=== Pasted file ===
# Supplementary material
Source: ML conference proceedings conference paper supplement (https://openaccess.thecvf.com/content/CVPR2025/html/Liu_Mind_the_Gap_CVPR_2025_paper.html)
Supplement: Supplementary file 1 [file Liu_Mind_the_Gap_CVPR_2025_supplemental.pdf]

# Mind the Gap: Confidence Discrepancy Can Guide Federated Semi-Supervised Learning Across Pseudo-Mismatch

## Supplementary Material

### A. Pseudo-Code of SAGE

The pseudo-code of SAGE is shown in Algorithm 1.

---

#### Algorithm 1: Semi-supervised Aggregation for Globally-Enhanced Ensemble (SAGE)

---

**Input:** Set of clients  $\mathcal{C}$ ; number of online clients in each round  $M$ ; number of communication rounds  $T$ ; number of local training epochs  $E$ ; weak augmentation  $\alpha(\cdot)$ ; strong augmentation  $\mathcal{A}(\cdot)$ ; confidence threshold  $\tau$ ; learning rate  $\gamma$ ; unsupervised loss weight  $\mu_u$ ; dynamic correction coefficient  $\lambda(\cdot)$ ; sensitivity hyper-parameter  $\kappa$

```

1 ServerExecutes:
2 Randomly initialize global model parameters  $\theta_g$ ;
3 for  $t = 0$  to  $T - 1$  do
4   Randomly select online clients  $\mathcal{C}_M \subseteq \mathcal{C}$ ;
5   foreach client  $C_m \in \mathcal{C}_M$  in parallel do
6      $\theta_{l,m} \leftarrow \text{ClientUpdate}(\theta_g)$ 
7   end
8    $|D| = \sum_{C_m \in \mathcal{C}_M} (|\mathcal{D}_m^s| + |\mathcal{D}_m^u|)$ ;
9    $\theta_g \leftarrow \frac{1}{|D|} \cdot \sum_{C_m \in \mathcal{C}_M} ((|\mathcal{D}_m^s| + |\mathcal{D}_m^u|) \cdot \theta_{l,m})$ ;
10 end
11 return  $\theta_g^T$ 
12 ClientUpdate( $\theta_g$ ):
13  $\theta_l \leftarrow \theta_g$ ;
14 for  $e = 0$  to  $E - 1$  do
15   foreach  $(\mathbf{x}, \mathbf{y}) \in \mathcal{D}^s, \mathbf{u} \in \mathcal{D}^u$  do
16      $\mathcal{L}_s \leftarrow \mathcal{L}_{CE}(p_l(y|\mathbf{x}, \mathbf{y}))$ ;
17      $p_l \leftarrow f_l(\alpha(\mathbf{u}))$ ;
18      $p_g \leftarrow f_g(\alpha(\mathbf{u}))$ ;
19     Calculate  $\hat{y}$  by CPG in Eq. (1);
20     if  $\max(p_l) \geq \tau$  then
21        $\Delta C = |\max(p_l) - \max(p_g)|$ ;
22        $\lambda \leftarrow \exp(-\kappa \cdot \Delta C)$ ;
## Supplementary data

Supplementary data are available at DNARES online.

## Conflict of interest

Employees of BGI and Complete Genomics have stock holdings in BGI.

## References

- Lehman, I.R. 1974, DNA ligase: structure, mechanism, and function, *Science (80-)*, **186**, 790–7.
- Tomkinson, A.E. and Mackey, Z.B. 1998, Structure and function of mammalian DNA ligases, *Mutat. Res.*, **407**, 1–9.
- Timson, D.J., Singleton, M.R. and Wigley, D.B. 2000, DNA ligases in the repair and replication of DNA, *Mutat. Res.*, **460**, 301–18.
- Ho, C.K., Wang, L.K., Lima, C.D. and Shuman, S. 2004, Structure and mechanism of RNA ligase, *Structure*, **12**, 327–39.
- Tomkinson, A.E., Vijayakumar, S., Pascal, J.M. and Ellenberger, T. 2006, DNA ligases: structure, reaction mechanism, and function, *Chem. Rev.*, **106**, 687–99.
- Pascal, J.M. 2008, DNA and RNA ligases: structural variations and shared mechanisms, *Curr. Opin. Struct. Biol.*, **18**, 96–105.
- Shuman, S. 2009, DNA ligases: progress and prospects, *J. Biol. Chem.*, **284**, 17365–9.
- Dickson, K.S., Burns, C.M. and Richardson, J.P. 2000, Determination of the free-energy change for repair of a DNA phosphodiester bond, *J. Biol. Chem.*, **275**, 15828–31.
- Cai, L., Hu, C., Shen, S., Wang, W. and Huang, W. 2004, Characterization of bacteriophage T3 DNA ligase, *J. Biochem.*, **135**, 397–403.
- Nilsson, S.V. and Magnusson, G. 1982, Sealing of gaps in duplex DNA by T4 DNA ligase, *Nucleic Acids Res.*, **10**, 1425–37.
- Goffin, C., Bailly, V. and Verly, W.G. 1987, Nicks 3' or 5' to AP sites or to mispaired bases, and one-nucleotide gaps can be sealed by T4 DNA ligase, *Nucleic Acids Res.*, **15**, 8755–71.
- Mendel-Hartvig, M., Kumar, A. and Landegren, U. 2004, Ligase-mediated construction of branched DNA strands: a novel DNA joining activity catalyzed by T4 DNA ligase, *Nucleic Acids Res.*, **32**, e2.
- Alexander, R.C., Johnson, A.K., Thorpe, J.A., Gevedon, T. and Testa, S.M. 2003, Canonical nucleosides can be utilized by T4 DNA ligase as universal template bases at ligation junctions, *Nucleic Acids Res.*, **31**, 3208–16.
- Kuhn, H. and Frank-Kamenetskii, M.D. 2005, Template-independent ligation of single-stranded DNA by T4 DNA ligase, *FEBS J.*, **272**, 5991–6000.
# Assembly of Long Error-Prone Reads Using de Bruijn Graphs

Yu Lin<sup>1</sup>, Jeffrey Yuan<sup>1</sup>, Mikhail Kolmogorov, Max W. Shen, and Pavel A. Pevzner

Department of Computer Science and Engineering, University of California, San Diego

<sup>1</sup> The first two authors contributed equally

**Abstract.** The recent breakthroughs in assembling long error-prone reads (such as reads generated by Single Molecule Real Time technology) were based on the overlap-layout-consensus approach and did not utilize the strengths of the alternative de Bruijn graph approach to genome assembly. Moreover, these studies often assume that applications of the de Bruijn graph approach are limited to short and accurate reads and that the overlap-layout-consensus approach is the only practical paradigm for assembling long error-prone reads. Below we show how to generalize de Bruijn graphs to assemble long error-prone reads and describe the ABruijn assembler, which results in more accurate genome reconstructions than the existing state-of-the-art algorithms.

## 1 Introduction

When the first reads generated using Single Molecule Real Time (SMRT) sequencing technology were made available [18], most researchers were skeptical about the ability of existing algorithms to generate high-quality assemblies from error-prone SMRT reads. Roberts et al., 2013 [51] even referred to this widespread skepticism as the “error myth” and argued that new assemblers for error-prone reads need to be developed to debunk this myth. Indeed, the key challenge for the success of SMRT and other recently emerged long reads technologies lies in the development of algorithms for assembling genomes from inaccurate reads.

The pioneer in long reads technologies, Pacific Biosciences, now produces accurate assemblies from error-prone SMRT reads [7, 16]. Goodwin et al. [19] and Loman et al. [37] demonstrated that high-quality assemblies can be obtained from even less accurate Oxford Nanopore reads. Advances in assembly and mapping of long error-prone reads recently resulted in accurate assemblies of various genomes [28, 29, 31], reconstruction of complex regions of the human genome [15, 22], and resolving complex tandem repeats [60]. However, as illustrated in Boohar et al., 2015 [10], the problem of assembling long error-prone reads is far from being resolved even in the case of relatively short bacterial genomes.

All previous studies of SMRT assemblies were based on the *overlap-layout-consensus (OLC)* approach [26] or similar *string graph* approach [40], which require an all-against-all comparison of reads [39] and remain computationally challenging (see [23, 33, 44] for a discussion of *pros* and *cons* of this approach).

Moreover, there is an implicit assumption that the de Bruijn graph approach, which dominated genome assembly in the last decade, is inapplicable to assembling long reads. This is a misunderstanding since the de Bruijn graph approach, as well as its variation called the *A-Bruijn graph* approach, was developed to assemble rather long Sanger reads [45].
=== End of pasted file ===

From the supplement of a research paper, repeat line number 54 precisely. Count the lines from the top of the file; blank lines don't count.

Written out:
# Assembly of Long Error-Prone Reads Using de Bruijn Graphs